Who Barred the Transit of Moldovan Truckloads through Ukraine?

Economic

For almost two weeks the supply of Ukraine transit permits for Moldovan truckers has been empty. The authorities in the neighboring country say the documents were being printed. 

Moldovan fruit/vegetable producers and manufacturers complain that their cold stores and warehouses are full. Shipping operators who shuttle between Moldova and Russia, and other CIS countries have run out of transit permits for Ukraine.

Permit stock dries out three months earlier

„This is a situation that keeps repeating for years and this year the stock of permits dried out three months earlier, at the beginning of autumn,” says Dumitru Albuleasa, executive director at the Moldovan Union of Transporters and Roadbuilders (UTD). Both the Ministry of Transportation and Road Infrastructure (MTIC) and the National Motor Transport Agency (ANTA) are aware of this condition but none has move a finger to redress it, according to Mr Albuleasa.

„This is happening at a time when many producers are looking desperately to keep their buyers in Russia and the shortage of permits keeps them on ground instead. It’s not clear why the stock dried out so early given that the number of permits was the same as in precedent years. Didn’t MTID or ANTA know that we were running out of transit permits, couldn’t they talk to the Ukrainian side?” the UTD leader wonders.

Ukraine issues more than 45,000 bilateral and transit permits to Moldovan shipping operators but truckers are likely to stay home and apples and grapes would remain locked in cold stores. Moldovan officials traveled to Ukraine for talks and promised to return with solutions within days, Mr Albuleasa continued. “We insist for years to liberalize trade with Ukraine – and the government in Kiev agrees – so I don’t get why the Moldovan authorities are silent over the initiative.”

Iurie Chirinciuc, Moldova’s minister of transportation, announced in a Facebook post on September 8 that the issue with permits was one of the topics he raised at his meeting with Ukraine’s Infrastructure Minister Vladimir Omelyan. „The problem will be settled within days and we’ll receive a few thousands permits,” Mr Chirinciuc promised.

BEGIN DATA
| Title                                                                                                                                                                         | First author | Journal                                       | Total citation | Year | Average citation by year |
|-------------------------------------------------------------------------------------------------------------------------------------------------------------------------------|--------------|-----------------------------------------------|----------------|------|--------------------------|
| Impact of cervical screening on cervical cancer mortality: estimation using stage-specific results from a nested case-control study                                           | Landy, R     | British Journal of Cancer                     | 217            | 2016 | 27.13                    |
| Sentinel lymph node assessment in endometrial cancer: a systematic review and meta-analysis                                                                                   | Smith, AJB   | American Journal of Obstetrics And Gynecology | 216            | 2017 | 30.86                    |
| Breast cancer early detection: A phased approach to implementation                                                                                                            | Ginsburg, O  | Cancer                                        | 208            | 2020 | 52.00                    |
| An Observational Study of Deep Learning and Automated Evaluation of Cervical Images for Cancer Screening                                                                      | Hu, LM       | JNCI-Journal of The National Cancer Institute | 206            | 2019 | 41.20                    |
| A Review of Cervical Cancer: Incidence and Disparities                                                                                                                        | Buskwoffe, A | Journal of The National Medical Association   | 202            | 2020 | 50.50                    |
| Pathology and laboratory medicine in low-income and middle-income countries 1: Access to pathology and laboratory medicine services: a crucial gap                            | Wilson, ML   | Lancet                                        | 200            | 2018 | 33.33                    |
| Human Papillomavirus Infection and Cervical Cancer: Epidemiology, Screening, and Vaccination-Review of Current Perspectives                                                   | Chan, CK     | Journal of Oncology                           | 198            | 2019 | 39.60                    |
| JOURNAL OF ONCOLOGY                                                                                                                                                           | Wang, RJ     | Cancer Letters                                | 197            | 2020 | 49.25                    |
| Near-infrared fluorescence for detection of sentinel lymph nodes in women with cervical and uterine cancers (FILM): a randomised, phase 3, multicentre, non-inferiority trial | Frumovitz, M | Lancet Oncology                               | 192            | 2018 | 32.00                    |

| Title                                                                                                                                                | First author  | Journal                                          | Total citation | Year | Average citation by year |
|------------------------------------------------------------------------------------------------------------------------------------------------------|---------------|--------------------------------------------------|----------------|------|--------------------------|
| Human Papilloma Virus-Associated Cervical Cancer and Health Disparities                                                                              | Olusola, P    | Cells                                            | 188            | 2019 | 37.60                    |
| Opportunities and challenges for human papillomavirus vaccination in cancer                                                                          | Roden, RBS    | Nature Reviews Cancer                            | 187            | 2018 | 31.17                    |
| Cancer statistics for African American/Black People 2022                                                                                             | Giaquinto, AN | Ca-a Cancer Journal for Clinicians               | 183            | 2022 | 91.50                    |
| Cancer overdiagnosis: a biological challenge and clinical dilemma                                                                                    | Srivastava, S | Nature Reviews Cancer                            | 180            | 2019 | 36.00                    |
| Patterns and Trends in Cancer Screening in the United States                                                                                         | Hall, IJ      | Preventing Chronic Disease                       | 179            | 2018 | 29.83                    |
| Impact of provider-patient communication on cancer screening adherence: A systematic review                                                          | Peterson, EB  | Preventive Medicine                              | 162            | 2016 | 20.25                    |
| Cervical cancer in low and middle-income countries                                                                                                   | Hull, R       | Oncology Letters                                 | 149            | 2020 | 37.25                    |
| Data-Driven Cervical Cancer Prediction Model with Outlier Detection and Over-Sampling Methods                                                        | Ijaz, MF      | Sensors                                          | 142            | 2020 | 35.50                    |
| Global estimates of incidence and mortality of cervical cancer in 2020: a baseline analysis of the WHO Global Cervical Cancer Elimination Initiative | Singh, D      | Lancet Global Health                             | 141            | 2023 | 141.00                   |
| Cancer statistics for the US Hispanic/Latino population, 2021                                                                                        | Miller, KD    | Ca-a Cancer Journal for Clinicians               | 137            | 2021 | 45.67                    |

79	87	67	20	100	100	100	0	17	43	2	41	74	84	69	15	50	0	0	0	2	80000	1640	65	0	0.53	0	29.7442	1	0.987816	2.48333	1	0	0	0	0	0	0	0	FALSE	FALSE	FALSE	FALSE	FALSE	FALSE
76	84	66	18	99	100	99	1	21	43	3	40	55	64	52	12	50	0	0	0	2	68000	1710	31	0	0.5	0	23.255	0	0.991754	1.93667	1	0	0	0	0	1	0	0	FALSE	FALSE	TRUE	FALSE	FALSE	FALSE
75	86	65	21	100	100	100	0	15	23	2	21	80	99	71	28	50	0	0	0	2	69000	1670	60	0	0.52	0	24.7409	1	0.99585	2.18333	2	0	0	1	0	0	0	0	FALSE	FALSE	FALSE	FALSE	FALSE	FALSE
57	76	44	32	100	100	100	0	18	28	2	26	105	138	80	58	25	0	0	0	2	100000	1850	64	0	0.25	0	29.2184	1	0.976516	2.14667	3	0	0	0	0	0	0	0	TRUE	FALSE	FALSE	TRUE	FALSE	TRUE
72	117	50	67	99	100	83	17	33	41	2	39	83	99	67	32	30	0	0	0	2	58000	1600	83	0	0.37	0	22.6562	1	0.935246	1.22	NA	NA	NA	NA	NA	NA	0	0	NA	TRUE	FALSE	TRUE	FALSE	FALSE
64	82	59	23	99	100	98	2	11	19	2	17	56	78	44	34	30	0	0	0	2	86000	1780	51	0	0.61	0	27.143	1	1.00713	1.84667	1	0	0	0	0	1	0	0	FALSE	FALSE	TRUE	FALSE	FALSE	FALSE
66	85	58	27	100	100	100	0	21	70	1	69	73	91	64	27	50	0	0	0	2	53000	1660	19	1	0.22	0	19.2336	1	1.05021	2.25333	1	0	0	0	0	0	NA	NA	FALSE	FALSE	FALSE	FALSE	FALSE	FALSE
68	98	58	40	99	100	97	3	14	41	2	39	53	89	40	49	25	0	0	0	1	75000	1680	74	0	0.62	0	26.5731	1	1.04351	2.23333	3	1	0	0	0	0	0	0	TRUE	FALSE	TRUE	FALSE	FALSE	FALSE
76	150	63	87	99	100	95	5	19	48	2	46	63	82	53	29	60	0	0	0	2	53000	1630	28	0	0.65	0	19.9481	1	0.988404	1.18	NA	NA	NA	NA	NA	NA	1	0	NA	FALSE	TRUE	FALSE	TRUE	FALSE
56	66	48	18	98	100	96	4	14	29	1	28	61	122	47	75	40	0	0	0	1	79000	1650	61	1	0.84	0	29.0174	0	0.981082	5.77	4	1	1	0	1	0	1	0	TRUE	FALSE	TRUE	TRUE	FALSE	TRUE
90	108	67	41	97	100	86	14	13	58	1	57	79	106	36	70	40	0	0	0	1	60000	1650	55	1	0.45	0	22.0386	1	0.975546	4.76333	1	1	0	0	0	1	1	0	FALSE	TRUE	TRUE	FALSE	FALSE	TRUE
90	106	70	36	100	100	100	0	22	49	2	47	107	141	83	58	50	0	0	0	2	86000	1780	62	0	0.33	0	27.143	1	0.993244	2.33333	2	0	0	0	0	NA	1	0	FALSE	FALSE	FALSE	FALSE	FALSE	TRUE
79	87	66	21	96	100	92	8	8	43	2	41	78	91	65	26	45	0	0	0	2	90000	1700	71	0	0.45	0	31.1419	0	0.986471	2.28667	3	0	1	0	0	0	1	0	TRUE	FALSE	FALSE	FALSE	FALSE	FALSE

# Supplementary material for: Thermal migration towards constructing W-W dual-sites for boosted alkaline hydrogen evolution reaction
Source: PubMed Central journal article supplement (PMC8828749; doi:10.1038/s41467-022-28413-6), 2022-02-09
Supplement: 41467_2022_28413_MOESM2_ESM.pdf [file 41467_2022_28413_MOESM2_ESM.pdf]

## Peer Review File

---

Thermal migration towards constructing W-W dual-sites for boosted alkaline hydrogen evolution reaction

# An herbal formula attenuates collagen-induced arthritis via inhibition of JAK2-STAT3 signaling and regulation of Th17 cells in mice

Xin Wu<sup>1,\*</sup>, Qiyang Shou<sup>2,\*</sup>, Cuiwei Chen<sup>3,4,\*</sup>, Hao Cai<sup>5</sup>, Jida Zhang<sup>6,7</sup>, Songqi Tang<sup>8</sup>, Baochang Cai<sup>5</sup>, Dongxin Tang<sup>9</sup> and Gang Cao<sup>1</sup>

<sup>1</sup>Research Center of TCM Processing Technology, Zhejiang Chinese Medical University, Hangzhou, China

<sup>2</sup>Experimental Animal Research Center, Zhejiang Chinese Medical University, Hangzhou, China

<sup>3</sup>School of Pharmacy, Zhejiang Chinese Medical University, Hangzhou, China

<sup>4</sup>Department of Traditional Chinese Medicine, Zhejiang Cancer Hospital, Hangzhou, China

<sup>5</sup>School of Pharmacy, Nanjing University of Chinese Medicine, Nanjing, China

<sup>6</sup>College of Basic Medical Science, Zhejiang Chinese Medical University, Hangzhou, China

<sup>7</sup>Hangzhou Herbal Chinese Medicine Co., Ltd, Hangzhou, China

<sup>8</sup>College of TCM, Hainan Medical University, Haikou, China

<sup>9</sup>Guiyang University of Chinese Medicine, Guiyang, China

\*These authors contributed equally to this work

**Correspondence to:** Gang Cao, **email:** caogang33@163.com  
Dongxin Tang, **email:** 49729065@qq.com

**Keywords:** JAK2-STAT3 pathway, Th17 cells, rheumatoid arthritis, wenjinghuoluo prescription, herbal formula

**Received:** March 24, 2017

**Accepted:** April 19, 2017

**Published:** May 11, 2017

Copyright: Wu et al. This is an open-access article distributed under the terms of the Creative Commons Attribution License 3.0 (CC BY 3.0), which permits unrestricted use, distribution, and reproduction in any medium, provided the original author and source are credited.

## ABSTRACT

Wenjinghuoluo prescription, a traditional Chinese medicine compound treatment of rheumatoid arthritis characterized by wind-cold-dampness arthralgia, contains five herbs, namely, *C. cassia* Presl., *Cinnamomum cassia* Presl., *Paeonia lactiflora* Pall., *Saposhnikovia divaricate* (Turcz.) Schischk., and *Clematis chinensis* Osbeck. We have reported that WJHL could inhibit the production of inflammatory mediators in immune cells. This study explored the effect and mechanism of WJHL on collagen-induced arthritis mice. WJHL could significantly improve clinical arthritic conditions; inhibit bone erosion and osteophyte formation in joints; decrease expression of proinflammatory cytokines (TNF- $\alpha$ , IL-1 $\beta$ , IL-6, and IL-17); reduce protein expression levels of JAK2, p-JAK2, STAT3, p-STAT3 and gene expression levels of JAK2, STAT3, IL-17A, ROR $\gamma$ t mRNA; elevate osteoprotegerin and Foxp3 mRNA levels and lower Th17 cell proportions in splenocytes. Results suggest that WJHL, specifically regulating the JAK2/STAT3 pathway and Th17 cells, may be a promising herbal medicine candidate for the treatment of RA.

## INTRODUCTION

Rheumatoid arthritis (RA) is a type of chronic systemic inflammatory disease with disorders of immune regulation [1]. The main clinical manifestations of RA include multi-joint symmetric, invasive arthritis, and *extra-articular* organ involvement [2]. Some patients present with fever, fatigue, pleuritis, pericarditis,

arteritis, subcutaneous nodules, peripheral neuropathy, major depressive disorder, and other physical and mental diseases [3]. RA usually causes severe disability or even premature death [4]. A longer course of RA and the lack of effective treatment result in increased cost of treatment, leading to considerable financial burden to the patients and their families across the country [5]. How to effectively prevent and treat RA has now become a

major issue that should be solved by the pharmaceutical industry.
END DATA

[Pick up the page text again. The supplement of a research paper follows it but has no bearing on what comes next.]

Who’s to blame

Ten days have passed and no one at the MTID ever came affront to let producers when they could start shipping their produce. AMTA officials point to Ukraine’s authorities as the source of this incident.

„We are waiting for Ukraine to start shipping us those permits. We were told that a few thousands permits would be printed and shipped to Moldova next week (19-25 September),” Ion Crețu of ANTA told Mold-Street. At the same time he admits the idea that a large part of unused permits is held by shipping companies. The Ukrainian authorities track the permits and the number has not changed lately, which means that someone hides a part of those documents, for a reason, according to Mr Crețu.

A permit for transit of Moldovan produce or other goods via Ukraine costs between 10 and 15 euros and the money goes into ANTA’s coffers. Sources who asked to remain unnamed speak of a black market for Ukraine transit permits, which sell for two or three prices.

„We’ve askd for more transparency. We want the permits to be issued according to the number of trucks and a tracking record to exist for each permit so that everyone knows how many permits were distributed and how many were returned. We’d like to avoid seeing that a firm operating two trucks gets ten permits, the same number of permits issued to a firm operating ten trucks,” Dumitru Albuleasa said.

ANTA ruled at the beginning of 2016 that each long vehicle transportation unit would receive one permit for Ukraine transit or entry. The ruling is likely to be neglected and some firms receive two or more permits for each truck, Mr Albuleasa explains. The best solution for this issue is to liberalize the transit of goods from Moldova through Ukraine – as it is the case with Romania.

The authorities assure that talks with the Ukrainians were underway. In May 2016 Minister Chirinciuc discussed about the need to update the 1993 bilateral agreement on international motor traffic by liberalizing the terrestrial shipping services. It is unclear whether the sides had reached an agreement or continued the talks on this issue.

For the time being the agreement remained unchanged and more than 90% of Moldovan truckers still who use Ukraine as a transit territory for shipping goods and produce to ex-Soviet countries still need to get a formal transit permit.

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